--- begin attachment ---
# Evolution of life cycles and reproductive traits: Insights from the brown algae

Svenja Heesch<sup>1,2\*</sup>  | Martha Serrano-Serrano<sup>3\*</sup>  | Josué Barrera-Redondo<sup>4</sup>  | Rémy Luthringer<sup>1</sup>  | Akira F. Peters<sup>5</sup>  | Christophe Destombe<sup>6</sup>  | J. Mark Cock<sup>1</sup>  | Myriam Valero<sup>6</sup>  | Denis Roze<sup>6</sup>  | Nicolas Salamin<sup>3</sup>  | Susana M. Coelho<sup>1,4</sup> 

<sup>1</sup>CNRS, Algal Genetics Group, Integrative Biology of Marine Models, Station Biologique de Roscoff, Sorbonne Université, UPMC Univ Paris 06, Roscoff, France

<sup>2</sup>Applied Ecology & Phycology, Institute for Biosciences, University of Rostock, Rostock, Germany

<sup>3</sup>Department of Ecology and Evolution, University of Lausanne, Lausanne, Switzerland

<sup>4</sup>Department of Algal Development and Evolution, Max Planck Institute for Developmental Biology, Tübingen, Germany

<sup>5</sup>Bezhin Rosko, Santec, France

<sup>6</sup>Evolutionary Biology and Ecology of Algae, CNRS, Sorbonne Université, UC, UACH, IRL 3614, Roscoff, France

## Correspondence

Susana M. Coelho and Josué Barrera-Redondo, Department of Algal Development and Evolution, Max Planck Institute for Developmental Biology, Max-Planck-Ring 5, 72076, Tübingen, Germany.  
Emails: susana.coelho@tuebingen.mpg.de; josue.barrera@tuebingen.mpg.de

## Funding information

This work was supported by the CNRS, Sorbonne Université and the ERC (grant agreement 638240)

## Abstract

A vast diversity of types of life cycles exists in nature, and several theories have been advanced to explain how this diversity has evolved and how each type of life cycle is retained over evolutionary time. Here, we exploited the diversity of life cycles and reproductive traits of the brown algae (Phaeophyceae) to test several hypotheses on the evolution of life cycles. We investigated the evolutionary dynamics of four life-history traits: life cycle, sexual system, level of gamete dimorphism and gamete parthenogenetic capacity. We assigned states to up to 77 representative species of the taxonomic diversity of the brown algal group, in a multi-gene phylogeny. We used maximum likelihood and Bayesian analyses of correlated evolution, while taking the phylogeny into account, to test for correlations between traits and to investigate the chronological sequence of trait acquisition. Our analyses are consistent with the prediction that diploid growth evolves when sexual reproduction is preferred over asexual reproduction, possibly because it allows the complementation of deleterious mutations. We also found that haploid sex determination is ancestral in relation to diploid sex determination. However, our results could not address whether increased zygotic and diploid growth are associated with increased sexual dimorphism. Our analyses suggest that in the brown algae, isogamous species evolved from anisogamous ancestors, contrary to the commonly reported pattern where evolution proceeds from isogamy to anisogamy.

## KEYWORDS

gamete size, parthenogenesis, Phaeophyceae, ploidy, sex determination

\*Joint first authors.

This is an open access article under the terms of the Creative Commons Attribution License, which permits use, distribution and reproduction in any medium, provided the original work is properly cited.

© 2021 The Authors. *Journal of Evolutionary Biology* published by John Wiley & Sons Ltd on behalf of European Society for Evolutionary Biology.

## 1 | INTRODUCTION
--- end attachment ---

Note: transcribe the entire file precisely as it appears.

# Evolution of life cycles and reproductive traits: Insights from the brown algae

Svenja Heesch<sup>1,2\*</sup>  | Martha Serrano-Serrano<sup>3\*</sup>  | Josué Barrera-Redondo<sup>4</sup>  | Rémy Luthringer<sup>1</sup>  | Akira F. Peters<sup>5</sup>  | Christophe Destombe<sup>6</sup>  | J. Mark Cock<sup>1</sup>  | Myriam Valero<sup>6</sup>  | Denis Roze<sup>6</sup>  | Nicolas Salamin<sup>3</sup>  | Susana M. Coelho<sup>1,4</sup> 

<sup>1</sup>CNRS, Algal Genetics Group, Integrative Biology of Marine Models, Station Biologique de Roscoff, Sorbonne Université, UPMC Univ Paris 06, Roscoff, France

<sup>2</sup>Applied Ecology & Phycology, Institute for Biosciences, University of Rostock, Rostock, Germany

<sup>3</sup>Department of Ecology and Evolution, University of Lausanne, Lausanne, Switzerland

<sup>4</sup>Department of Algal Development and Evolution, Max Planck Institute for Developmental Biology, Tübingen, Germany

<sup>5</sup>Bezhin Rosko, Santec, France

<sup>6</sup>Evolutionary Biology and Ecology of Algae, CNRS, Sorbonne Université, UC, UACH, IRL 3614, Roscoff, France

## Correspondence

Susana M. Coelho and Josué Barrera-Redondo, Department of Algal Development and Evolution, Max Planck Institute for Developmental Biology, Max-Planck-Ring 5, 72076, Tübingen, Germany.  
Emails: susana.coelho@tuebingen.mpg.de; josue.barrera@tuebingen.mpg.de

## Funding information

This work was supported by the CNRS, Sorbonne Université and the ERC (grant agreement 638240)

## Abstract

A vast diversity of types of life cycles exists in nature, and several theories have been advanced to explain how this diversity has evolved and how each type of life cycle is retained over evolutionary time. Here, we exploited the diversity of life cycles and reproductive traits of the brown algae (Phaeophyceae) to test several hypotheses on the evolution of life cycles. We investigated the evolutionary dynamics of four life-history traits: life cycle, sexual system, level of gamete dimorphism and gamete parthenogenetic capacity. We assigned states to up to 77 representative species of the taxonomic diversity of the brown algal group, in a multi-gene phylogeny. We used maximum likelihood and Bayesian analyses of correlated evolution, while taking the phylogeny into account, to test for correlations between traits and to investigate the chronological sequence of trait acquisition. Our analyses are consistent with the prediction that diploid growth evolves when sexual reproduction is preferred over asexual reproduction, possibly because it allows the complementation of deleterious mutations. We also found that haploid sex determination is ancestral in relation to diploid sex determination. However, our results could not address whether increased zygotic and diploid growth are associated with increased sexual dimorphism. Our analyses suggest that in the brown algae, isogamous species evolved from anisogamous ancestors, contrary to the commonly reported pattern where evolution proceeds from isogamy to anisogamy.

## KEYWORDS

gamete size, parthenogenesis, Phaeophyceae, ploidy, sex determination

\*Joint first authors.

This is an open access article under the terms of the Creative Commons Attribution License, which permits use, distribution and reproduction in any medium, provided the original work is properly cited.

© 2021 The Authors. *Journal of Evolutionary Biology* published by John Wiley & Sons Ltd on behalf of European Society for Evolutionary Biology.

## 1 | INTRODUCTION